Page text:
Darren Aronofsky ''doesn't mind'' that people are ''upset'' by 'Mother!'.

The 48-year-old filmmaker helmed the psychological thriller that has divided audiences since its release last week, but says he isn't disappointed that some viewers disliked the movie because it was designed to be a ''cautionary tale of what's happening to the planet'', which he notes can be hard for audiences to accept.

He said: ''It's all good. I don't mind people are upset by the film because it's supposed to be a reflection and a cautionary tale of what's happening to the planet. And it's hard, because I'm pointing at all of us saying, 'Look what's going on! Let's think about this!' I'm also guilty, I'm not any better.''

But Darren - who is in a relationship with the movie's lead actress Jennifer Lawrence - did bemoan those who ''can't acknowledge the filmmaking'', as he insists the stylistic approach to the movie was ''really hard to pull off''.

He added: ''But the one thing I can't understand is how people can't acknowledge the filmmaking - there are three camera shots in the whole film: over the shoulder, on her face, and her point of view. There's no score. There are all these things we did that are really hard to pull off. I couldn't have done this five years ago. It's only because my team and I have been together for so long that we took the chance.''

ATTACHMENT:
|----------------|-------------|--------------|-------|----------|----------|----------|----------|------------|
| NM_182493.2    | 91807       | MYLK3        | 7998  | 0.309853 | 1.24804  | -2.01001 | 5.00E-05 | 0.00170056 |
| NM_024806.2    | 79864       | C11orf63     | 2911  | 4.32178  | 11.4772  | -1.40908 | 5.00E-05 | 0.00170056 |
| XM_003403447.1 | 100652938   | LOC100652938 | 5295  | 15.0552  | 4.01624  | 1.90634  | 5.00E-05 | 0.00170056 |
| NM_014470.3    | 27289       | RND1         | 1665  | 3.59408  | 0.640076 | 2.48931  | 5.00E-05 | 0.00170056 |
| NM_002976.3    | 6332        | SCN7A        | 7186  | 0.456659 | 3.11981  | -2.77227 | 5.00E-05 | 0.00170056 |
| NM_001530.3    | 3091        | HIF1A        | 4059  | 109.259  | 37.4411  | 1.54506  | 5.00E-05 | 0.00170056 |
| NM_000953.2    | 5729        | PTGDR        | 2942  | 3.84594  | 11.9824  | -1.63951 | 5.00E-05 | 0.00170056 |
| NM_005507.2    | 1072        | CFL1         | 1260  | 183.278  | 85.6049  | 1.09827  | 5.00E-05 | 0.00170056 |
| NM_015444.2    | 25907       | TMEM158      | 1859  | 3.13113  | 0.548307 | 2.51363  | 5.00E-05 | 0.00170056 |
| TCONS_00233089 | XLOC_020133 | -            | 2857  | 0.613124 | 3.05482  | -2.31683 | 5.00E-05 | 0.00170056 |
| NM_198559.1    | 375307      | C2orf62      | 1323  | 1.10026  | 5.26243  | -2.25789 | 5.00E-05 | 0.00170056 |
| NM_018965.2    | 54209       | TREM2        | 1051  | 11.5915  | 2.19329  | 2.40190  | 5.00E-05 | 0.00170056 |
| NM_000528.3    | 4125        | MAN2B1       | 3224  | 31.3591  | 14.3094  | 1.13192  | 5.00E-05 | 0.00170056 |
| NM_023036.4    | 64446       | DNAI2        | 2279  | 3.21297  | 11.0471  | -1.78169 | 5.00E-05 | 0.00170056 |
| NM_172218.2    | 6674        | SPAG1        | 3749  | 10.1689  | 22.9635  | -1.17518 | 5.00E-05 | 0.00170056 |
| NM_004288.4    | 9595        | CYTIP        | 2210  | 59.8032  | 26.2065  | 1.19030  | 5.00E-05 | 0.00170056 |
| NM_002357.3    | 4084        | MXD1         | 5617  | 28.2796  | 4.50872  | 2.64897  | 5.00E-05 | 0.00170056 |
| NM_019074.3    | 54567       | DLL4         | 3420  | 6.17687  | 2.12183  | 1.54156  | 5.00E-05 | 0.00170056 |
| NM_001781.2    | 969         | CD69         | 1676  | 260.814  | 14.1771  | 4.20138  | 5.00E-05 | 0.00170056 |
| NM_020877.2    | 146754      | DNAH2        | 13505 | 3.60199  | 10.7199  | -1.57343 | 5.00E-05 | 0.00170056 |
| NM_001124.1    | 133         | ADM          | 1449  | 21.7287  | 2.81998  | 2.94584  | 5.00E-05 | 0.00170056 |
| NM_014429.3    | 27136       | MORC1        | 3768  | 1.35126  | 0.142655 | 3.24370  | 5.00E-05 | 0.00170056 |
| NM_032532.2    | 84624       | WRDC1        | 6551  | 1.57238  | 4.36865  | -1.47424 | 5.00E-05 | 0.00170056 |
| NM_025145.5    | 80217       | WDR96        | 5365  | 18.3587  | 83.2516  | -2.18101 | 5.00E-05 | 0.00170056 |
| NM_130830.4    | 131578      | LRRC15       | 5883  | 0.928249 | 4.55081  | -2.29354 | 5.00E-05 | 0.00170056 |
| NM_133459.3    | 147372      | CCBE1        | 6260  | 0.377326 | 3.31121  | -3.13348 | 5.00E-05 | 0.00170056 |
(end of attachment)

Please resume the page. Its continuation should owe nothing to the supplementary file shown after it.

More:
The filmmaker admits the movie's cast - which also includes Javier Bardem, Ed Harris, and Michelle Pfeiffer - might make audiences believe the project is lighter than it actually is, and always knew it was going to be ''a lot'' for viewers.

Speaking to Entertainment Weekly magazine, Darren said: ''I think I knew it was going to be a lot of stuff. Anytime you do something that aggressive there are going to be people who enjoy it, who want to be on that roller coaster ride, and then there are others who say, 'Oh no, that was not for me.'

''It's a strange one. You see Jennifer Lawrence, Javier Bardem, Ed Harris, and Michelle Pfeiffer and people are conditioned for a certain type of movie. And ... we didn't do that type of movie.''